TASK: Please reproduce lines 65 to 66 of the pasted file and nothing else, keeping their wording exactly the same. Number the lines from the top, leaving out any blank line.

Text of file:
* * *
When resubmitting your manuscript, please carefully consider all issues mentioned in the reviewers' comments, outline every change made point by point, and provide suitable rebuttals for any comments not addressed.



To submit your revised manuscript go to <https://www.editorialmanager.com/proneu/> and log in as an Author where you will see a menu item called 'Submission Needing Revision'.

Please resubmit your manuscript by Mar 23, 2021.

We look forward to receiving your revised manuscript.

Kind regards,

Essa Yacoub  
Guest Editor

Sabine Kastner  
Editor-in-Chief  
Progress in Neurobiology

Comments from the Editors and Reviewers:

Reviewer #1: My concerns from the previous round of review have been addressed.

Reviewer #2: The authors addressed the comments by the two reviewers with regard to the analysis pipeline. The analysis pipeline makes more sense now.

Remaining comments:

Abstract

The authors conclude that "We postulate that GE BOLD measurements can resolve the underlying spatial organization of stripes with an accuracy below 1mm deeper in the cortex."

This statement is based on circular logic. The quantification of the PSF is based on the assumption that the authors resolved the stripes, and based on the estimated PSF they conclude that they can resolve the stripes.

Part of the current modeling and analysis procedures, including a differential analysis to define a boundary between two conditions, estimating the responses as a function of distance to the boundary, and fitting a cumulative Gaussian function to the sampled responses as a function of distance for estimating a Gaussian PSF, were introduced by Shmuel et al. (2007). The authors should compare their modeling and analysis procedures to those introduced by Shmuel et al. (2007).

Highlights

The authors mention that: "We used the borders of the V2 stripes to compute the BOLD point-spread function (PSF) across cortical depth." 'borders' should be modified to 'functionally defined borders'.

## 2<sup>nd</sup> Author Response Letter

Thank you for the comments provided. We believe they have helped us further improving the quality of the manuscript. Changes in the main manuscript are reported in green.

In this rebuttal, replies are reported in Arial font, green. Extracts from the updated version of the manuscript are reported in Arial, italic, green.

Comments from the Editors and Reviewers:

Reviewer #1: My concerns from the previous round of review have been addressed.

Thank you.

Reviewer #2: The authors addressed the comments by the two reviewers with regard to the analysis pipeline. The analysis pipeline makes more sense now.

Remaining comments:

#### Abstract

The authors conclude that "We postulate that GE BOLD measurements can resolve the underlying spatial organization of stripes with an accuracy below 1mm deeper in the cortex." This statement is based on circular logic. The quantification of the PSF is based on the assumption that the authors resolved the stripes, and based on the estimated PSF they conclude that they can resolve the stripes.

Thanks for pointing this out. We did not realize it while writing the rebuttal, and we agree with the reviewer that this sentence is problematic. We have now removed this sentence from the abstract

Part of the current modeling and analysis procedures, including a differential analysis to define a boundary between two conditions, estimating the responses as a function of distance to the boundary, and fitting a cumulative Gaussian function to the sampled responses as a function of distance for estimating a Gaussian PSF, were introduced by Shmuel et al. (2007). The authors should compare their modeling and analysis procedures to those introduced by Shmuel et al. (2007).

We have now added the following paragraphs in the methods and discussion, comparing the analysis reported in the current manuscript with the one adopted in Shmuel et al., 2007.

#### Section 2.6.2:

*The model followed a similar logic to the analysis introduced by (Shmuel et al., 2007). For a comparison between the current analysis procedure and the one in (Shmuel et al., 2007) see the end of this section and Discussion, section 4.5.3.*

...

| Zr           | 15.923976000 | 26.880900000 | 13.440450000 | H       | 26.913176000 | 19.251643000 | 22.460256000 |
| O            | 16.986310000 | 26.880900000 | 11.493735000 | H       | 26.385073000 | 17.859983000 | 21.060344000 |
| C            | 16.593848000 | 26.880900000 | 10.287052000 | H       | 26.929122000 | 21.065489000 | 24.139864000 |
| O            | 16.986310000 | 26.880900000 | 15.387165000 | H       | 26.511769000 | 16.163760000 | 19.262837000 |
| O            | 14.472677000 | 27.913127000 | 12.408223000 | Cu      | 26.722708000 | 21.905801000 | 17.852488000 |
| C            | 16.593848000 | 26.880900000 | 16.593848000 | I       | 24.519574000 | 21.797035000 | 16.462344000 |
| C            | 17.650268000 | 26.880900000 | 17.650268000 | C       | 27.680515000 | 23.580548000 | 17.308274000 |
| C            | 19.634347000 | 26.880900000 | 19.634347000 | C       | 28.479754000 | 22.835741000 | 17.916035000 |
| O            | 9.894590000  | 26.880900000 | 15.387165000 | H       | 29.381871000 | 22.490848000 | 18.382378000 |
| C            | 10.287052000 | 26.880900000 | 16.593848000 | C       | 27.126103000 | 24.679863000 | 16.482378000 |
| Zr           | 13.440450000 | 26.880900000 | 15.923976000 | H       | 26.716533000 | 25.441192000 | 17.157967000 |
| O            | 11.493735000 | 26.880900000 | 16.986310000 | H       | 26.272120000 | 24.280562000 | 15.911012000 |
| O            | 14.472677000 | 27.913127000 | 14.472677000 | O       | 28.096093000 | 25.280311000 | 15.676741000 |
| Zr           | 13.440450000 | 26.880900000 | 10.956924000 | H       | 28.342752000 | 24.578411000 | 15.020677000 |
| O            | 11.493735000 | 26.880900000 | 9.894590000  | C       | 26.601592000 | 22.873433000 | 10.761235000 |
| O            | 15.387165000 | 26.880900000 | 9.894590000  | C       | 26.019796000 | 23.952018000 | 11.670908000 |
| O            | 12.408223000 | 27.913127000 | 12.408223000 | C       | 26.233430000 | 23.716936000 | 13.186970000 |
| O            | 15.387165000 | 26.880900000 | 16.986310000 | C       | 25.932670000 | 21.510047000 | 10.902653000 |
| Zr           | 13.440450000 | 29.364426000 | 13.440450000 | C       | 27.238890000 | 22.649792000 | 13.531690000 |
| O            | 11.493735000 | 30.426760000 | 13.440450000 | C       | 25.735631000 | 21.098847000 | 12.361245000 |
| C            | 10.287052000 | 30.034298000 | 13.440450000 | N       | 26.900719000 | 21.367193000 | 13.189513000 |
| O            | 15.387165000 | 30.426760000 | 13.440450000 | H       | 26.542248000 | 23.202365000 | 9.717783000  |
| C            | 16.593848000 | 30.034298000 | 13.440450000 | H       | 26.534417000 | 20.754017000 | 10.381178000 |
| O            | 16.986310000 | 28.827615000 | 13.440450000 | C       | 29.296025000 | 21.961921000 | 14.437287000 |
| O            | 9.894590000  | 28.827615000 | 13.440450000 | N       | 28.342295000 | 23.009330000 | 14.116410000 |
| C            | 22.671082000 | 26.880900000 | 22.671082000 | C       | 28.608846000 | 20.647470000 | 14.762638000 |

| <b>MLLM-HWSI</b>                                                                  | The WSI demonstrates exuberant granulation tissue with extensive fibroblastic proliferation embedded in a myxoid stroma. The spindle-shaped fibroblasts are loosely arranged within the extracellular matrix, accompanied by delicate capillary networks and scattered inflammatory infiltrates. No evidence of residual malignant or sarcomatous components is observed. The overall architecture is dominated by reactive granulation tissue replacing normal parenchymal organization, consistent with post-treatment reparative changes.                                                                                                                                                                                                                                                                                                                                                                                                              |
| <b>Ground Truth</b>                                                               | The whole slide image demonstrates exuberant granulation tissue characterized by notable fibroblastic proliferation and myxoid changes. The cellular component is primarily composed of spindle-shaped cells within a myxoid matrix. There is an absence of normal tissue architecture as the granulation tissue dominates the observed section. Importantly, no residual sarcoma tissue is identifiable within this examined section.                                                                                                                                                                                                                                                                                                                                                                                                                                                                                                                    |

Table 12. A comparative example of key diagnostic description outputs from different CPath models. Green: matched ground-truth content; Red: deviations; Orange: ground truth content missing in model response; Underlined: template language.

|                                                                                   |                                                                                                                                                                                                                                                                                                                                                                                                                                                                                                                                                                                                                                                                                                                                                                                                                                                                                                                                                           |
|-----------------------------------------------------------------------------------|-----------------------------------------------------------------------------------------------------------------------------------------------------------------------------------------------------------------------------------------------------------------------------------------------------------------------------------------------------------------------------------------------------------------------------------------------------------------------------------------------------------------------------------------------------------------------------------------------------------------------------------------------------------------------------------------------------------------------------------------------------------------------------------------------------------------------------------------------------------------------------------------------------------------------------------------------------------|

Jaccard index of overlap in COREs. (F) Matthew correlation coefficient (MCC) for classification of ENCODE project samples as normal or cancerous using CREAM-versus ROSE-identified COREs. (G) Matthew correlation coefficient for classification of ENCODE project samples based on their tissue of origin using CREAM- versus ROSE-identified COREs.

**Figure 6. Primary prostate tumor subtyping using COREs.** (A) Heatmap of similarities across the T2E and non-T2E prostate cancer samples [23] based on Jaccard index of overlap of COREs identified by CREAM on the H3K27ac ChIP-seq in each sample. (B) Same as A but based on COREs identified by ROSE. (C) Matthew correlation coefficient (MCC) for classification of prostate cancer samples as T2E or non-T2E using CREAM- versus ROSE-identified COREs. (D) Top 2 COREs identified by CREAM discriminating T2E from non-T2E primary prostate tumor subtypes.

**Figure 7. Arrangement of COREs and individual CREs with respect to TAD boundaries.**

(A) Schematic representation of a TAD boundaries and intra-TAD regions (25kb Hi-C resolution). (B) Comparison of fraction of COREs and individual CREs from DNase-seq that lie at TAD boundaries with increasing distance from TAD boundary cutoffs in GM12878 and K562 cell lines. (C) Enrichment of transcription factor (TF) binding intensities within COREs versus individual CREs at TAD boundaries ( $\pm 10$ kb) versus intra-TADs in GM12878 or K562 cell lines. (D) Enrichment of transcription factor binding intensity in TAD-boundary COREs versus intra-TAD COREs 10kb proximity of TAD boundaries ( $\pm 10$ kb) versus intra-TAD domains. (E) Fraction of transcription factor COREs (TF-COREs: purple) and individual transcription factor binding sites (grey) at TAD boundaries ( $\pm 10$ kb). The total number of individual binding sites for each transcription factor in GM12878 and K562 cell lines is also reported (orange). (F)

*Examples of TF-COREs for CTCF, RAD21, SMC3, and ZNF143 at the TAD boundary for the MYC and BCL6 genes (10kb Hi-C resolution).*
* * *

Table 12. A comparative example of key diagnostic description outputs from different CPath models. Green: matched ground-truth content; Red: deviations; Orange: ground truth content missing in model response; Underlined: template language.

|                                                                                   |                                                                                                                                                                                                                                                                                                                                                                                                                                                                                                                                                                                                                                                                                                                                                                                                                                                                                                                                                           |